With Facebook and Google recently showing some contrition by launching token programs that provide a modest amount of funding, it's heartening to see that the tech giants are beginning to understand their moral and social responsibility to support and safeguard local journalism.

Spare me the "moral and social responsibility to support and safeguard local journalism," Heath. You're the one who cut 1,000 journalism jobs down to 150. Not Google. You're the one who took profitable newspapers that were investing in local journalism, fired a huge number of their reporters and staff, and redirected the even larger profits into your pockets instead of local journalism.

Even if someone wants to argue this fallacy, it should not be you, Heath.

Facebook created the Facebook Journalism Project in 2017 "to forge stronger ties with the news industry and work with journalists and publishers." If Facebook and the other tech behemoths are serious about wanting to "forge stronger ties with the news industry," that will start with properly remunerating the original producers of content.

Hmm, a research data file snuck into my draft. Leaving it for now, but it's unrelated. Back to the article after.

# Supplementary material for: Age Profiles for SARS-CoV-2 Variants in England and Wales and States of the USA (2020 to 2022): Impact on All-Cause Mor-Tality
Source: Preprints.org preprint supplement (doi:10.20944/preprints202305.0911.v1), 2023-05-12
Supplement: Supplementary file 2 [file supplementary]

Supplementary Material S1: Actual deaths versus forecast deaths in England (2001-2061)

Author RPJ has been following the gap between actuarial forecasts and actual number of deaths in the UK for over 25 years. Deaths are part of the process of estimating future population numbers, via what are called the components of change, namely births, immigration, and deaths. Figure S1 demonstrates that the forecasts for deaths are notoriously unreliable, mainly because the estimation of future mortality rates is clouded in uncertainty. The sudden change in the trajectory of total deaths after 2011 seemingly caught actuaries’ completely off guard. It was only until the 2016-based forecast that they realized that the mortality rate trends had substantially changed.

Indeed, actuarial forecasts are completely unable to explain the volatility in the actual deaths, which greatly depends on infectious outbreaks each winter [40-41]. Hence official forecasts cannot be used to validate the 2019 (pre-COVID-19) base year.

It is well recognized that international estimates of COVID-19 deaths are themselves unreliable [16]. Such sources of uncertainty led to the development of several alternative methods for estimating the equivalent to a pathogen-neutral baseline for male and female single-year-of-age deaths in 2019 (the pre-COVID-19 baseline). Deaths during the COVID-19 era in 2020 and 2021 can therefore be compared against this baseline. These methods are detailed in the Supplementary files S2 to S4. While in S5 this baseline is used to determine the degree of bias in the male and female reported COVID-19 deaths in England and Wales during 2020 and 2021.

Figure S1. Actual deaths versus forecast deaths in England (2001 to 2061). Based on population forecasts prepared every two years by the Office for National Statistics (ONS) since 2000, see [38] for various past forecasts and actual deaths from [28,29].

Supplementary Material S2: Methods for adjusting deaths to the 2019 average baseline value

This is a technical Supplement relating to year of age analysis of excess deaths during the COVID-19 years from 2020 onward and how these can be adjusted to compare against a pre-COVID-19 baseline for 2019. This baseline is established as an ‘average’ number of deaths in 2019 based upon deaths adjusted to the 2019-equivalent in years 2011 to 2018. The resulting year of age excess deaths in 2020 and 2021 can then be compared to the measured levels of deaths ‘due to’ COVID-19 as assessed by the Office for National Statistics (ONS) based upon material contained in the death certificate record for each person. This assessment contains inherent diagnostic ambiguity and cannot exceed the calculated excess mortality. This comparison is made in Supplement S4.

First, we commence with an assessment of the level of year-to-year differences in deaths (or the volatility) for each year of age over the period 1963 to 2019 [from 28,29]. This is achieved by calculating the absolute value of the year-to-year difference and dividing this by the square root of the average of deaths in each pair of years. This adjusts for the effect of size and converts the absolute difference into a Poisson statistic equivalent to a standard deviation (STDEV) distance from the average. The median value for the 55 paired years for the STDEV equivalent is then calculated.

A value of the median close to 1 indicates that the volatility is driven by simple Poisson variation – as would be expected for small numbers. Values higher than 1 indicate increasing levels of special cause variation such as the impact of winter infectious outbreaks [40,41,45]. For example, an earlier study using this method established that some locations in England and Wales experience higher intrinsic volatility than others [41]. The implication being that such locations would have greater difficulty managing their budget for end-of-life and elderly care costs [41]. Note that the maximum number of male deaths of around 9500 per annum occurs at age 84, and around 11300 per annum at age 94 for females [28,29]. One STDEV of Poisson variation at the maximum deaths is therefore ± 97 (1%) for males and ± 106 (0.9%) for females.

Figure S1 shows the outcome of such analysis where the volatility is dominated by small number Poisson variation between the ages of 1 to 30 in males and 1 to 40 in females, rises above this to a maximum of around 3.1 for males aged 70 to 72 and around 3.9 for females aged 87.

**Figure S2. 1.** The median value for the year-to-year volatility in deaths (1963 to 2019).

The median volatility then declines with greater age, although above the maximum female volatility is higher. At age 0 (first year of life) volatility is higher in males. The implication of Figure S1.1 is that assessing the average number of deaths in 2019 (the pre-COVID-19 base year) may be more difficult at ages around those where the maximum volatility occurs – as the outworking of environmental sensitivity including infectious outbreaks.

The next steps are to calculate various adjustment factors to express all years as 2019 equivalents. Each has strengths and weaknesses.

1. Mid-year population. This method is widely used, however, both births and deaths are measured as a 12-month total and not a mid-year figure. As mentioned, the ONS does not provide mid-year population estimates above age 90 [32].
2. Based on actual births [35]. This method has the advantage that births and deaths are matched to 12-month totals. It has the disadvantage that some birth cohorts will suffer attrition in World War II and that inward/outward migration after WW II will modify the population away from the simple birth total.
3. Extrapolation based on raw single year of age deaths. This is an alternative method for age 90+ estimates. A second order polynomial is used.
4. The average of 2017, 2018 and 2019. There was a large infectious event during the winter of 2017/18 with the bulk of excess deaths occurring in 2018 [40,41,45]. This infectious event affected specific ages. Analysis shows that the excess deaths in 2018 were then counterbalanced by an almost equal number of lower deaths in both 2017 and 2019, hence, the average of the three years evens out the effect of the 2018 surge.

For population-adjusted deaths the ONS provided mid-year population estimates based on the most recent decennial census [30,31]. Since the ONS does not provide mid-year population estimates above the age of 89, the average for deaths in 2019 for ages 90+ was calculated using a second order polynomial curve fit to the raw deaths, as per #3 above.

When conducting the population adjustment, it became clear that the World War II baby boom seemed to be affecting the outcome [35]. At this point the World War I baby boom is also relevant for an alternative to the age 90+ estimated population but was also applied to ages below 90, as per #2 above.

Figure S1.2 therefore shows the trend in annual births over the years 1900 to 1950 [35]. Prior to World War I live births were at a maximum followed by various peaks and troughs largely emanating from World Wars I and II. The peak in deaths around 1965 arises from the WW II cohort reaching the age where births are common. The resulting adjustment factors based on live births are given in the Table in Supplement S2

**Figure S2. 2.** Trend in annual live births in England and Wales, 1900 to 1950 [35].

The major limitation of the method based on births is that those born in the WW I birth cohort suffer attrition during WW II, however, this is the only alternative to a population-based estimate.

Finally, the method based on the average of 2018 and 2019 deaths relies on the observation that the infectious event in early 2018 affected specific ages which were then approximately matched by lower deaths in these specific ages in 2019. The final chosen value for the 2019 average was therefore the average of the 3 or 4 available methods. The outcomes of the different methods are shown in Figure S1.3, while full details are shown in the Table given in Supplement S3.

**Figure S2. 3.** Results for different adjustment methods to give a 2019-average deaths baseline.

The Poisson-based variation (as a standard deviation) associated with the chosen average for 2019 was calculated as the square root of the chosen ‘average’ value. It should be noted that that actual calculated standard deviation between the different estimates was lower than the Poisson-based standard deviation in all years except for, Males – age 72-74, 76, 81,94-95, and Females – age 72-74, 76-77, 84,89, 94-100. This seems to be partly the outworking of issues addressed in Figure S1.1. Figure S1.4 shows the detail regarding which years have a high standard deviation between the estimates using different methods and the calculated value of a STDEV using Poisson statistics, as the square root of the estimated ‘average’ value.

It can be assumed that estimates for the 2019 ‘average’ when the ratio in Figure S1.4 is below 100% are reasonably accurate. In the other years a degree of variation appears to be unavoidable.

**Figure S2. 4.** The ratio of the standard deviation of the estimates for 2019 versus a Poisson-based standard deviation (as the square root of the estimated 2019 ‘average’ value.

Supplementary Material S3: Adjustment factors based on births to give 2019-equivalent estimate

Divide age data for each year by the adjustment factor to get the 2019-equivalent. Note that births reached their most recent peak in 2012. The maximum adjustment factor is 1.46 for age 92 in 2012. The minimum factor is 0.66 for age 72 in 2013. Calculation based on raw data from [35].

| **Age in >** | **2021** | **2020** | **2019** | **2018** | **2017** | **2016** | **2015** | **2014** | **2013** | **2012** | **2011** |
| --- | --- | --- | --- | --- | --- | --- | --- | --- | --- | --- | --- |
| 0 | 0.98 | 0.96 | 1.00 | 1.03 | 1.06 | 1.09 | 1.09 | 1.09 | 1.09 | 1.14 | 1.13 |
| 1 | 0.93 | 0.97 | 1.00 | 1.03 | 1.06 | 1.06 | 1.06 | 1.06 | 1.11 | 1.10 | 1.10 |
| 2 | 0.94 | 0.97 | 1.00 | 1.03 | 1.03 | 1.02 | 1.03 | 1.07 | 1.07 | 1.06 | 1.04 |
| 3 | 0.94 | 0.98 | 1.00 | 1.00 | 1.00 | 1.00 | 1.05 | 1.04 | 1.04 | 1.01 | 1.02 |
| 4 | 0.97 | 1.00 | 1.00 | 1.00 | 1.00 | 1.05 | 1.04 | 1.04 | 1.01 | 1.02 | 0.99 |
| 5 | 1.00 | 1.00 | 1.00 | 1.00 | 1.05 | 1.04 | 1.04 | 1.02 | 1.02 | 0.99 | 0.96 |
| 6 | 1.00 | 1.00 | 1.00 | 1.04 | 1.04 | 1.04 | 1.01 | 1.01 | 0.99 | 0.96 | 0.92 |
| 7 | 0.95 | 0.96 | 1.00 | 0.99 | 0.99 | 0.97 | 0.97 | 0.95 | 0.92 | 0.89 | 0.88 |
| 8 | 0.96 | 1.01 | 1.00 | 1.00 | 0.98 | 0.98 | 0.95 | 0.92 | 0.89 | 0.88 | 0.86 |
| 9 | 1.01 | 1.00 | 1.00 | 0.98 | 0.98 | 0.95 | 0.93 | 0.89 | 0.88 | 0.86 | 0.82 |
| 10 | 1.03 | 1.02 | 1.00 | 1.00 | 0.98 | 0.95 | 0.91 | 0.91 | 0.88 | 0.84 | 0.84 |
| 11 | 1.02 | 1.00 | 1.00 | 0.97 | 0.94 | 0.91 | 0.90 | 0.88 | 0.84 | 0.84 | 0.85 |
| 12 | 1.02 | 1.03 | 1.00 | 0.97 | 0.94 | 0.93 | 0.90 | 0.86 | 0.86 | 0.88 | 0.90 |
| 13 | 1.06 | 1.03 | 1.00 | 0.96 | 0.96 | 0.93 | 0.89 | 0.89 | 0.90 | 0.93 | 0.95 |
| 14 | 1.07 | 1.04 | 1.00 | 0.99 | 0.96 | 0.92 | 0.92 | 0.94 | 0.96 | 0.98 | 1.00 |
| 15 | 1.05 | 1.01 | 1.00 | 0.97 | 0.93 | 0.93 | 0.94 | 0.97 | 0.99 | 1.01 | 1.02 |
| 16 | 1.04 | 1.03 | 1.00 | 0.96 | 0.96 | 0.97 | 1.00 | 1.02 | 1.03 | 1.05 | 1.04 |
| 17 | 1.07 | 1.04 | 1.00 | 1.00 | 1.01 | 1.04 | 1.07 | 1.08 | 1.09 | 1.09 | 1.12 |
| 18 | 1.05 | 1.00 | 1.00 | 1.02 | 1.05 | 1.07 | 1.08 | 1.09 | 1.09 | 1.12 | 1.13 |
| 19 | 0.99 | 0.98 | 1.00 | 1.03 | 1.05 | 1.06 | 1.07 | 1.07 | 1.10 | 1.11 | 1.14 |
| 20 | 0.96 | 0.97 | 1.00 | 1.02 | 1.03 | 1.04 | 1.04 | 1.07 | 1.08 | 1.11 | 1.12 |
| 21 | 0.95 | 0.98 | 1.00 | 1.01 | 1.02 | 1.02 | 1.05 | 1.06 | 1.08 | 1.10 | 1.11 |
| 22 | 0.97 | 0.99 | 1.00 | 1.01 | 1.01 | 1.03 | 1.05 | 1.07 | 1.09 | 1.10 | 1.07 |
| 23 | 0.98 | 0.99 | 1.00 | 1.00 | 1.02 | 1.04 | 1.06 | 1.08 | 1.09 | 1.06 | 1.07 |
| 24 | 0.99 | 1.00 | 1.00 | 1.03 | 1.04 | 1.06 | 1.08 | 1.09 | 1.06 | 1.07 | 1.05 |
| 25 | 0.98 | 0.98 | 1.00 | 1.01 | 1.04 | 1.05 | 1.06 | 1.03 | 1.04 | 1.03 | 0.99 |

Remunerating the "original producers"? So that means that Heath is now agreeing to compensate the people who create the news that his remaining reporters write up? Oh, no? He just means himself -- the middleman -- being remunerated directly into his pocket while he continues to cut jobs from his newsroom while raking in record profits? That seems... less compelling.

Facebook, Google, Twitter, Apple News and other online aggregators make billions of dollars annually from original, compelling content that our reporters, photographers and editors create day after day, hour after hour. We all know the numbers, and this one underscores the value of our intellectual property: The New York Times reported that in 2018, Google alone conservatively made $4.7 billion from the work of news publishers. Clearly, content-usage fees are an appropriate and reasonable way to help ensure newspapers exist to provide communities across the country with robust high-quality local journalism.